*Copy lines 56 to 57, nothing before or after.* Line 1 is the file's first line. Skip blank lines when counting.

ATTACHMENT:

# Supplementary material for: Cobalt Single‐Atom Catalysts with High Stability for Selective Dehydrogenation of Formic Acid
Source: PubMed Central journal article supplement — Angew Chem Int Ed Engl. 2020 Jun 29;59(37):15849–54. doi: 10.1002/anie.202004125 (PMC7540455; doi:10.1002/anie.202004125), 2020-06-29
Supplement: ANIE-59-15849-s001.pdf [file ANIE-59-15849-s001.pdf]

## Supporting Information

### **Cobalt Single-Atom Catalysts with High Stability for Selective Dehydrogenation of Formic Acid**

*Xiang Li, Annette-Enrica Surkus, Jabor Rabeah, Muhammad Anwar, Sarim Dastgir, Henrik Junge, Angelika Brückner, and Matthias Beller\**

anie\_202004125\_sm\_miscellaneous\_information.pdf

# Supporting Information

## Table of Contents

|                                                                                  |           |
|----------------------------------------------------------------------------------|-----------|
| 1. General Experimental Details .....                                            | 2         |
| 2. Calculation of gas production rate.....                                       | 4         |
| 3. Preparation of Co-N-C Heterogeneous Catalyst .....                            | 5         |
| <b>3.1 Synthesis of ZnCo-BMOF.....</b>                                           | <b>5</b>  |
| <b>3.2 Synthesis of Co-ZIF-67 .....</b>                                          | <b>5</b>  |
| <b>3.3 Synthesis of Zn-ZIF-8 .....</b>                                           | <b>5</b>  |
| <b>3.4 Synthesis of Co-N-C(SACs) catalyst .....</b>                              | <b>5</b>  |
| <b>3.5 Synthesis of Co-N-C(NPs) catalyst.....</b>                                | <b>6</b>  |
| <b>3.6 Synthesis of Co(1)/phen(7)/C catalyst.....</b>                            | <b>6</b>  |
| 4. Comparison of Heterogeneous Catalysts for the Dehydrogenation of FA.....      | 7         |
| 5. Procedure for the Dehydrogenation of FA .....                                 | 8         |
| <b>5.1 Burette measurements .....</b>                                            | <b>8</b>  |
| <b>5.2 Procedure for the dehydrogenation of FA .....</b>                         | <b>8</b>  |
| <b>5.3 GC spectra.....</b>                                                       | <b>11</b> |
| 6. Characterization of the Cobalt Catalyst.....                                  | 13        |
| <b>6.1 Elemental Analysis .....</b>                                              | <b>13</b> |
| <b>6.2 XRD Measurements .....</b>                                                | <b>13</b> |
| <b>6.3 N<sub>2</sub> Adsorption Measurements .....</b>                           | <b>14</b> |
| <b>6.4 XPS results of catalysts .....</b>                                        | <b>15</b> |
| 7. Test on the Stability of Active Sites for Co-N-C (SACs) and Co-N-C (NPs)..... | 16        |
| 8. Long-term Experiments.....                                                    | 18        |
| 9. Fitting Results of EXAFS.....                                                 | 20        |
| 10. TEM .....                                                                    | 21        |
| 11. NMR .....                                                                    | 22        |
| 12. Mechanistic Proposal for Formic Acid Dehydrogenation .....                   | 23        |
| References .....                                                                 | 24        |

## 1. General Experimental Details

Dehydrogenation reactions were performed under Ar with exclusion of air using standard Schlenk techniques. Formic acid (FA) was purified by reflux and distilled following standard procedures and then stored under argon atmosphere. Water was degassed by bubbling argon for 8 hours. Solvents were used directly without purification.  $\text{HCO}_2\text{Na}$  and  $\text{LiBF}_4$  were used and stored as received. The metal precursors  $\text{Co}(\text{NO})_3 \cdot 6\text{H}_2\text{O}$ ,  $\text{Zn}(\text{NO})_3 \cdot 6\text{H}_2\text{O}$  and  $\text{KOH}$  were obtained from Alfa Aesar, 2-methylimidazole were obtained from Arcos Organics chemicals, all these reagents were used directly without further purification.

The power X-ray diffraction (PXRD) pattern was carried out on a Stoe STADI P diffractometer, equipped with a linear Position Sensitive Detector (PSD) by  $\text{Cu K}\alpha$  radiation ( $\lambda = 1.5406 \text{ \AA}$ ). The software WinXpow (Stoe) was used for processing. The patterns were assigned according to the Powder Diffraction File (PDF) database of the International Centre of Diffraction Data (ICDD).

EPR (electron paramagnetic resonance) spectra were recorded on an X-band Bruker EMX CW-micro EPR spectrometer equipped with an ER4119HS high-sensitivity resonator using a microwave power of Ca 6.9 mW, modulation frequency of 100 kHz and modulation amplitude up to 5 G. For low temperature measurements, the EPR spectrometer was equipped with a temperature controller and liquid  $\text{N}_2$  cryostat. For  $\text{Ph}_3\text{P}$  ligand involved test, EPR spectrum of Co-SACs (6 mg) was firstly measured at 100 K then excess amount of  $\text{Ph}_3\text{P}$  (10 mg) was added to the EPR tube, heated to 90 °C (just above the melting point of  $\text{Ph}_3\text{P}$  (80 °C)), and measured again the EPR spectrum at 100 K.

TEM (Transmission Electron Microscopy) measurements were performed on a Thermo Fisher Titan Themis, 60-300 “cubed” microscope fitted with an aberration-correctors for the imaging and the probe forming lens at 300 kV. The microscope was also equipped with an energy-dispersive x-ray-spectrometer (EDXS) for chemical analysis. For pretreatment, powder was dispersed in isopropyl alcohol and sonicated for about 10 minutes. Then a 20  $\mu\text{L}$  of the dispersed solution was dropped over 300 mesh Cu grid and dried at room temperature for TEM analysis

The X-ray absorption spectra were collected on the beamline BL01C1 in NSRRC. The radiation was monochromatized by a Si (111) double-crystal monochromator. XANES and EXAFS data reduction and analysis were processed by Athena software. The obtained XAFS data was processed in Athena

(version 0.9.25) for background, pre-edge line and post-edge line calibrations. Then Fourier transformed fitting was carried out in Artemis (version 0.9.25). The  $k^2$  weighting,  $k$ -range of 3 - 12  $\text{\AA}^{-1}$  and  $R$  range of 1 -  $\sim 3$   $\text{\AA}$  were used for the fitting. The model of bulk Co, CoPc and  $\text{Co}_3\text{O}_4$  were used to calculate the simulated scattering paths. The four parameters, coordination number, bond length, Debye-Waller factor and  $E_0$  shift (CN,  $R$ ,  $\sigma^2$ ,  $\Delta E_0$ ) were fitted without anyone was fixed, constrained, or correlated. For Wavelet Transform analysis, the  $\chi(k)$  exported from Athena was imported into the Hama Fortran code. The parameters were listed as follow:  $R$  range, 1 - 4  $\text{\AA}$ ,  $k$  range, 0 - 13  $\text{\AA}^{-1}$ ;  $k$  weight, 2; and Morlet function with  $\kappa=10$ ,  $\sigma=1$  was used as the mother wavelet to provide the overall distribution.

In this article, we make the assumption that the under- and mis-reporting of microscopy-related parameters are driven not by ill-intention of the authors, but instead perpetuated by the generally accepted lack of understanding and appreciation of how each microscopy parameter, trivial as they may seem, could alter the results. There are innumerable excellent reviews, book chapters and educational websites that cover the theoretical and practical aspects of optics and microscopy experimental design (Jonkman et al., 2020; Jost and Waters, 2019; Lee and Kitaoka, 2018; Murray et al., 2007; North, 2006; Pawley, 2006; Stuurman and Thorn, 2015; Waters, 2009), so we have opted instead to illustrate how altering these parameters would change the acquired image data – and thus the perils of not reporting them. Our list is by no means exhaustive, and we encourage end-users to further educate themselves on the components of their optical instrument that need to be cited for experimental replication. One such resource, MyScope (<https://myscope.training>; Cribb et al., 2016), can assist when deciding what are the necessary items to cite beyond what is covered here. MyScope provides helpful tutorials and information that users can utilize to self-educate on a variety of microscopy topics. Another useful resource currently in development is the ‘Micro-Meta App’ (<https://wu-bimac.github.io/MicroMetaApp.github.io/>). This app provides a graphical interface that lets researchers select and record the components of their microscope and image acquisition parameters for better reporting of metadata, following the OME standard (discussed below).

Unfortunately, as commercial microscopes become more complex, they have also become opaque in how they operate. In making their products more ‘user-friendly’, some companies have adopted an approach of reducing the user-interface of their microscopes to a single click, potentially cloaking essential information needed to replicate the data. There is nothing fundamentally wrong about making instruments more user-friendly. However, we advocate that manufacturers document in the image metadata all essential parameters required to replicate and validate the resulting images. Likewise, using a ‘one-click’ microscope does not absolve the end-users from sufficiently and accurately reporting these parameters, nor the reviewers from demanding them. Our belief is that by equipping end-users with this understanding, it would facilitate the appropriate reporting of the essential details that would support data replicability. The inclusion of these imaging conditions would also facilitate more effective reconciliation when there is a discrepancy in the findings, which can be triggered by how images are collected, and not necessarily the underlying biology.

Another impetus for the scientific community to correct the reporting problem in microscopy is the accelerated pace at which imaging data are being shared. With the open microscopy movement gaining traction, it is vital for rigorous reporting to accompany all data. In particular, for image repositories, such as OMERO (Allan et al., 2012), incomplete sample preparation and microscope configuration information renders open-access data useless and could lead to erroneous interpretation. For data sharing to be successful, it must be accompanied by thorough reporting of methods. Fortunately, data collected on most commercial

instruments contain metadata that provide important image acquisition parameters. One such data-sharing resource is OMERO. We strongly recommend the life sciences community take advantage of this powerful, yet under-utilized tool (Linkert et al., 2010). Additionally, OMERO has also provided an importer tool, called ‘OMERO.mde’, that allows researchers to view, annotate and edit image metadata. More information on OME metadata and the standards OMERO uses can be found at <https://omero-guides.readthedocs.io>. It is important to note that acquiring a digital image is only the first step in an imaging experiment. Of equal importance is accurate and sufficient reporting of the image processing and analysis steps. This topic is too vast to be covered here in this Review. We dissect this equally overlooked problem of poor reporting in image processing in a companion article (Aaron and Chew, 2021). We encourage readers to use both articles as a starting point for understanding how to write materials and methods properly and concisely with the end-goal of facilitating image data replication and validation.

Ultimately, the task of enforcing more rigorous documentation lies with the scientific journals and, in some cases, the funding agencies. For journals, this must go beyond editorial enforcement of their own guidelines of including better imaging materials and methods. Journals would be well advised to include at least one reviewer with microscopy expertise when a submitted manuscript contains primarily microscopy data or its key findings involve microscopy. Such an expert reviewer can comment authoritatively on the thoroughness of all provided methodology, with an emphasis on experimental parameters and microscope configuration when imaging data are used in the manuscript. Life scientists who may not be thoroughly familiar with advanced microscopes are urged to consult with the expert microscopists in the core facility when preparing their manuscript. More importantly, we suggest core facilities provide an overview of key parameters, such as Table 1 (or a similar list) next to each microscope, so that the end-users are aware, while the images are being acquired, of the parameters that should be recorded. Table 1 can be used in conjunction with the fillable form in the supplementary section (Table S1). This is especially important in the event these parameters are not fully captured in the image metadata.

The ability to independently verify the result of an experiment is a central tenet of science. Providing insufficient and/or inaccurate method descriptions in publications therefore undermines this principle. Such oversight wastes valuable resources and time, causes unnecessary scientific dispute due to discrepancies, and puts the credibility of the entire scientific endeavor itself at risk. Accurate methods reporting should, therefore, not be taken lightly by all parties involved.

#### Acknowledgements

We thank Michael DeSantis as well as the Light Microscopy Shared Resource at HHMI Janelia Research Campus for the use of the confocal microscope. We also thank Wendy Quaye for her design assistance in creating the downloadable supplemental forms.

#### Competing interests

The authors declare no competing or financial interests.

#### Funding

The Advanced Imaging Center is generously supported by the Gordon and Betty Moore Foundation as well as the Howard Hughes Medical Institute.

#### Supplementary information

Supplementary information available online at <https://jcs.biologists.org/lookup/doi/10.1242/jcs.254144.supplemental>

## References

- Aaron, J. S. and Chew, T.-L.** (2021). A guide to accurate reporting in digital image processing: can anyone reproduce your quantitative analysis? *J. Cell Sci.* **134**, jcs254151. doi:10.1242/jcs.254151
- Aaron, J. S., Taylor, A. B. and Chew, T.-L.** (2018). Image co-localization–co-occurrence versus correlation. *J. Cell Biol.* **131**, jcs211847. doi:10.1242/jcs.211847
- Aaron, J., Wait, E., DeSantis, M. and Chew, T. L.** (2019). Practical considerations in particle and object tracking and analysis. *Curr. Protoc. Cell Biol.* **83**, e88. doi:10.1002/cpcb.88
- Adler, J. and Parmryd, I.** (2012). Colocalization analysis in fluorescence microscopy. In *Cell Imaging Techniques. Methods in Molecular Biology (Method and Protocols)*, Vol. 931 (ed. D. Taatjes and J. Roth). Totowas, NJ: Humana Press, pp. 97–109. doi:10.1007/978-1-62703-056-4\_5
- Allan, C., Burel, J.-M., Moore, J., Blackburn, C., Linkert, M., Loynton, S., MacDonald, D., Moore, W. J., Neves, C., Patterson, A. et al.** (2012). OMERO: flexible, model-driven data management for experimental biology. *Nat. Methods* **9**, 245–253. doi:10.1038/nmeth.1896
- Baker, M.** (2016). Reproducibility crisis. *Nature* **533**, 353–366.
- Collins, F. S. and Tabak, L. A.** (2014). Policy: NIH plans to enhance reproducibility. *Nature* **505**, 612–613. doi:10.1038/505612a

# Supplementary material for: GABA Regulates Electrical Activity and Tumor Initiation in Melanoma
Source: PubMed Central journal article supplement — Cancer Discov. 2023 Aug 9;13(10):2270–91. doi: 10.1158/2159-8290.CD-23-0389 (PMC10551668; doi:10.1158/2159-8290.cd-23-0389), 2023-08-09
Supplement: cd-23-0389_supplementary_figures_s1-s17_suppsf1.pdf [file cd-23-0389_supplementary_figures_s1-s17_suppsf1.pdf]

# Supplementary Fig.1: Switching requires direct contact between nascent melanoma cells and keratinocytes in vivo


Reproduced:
The Advanced Imaging Center is generously supported by the Gordon and Betty Moore Foundation as well as the Howard Hughes Medical Institute.

#### Supplementary information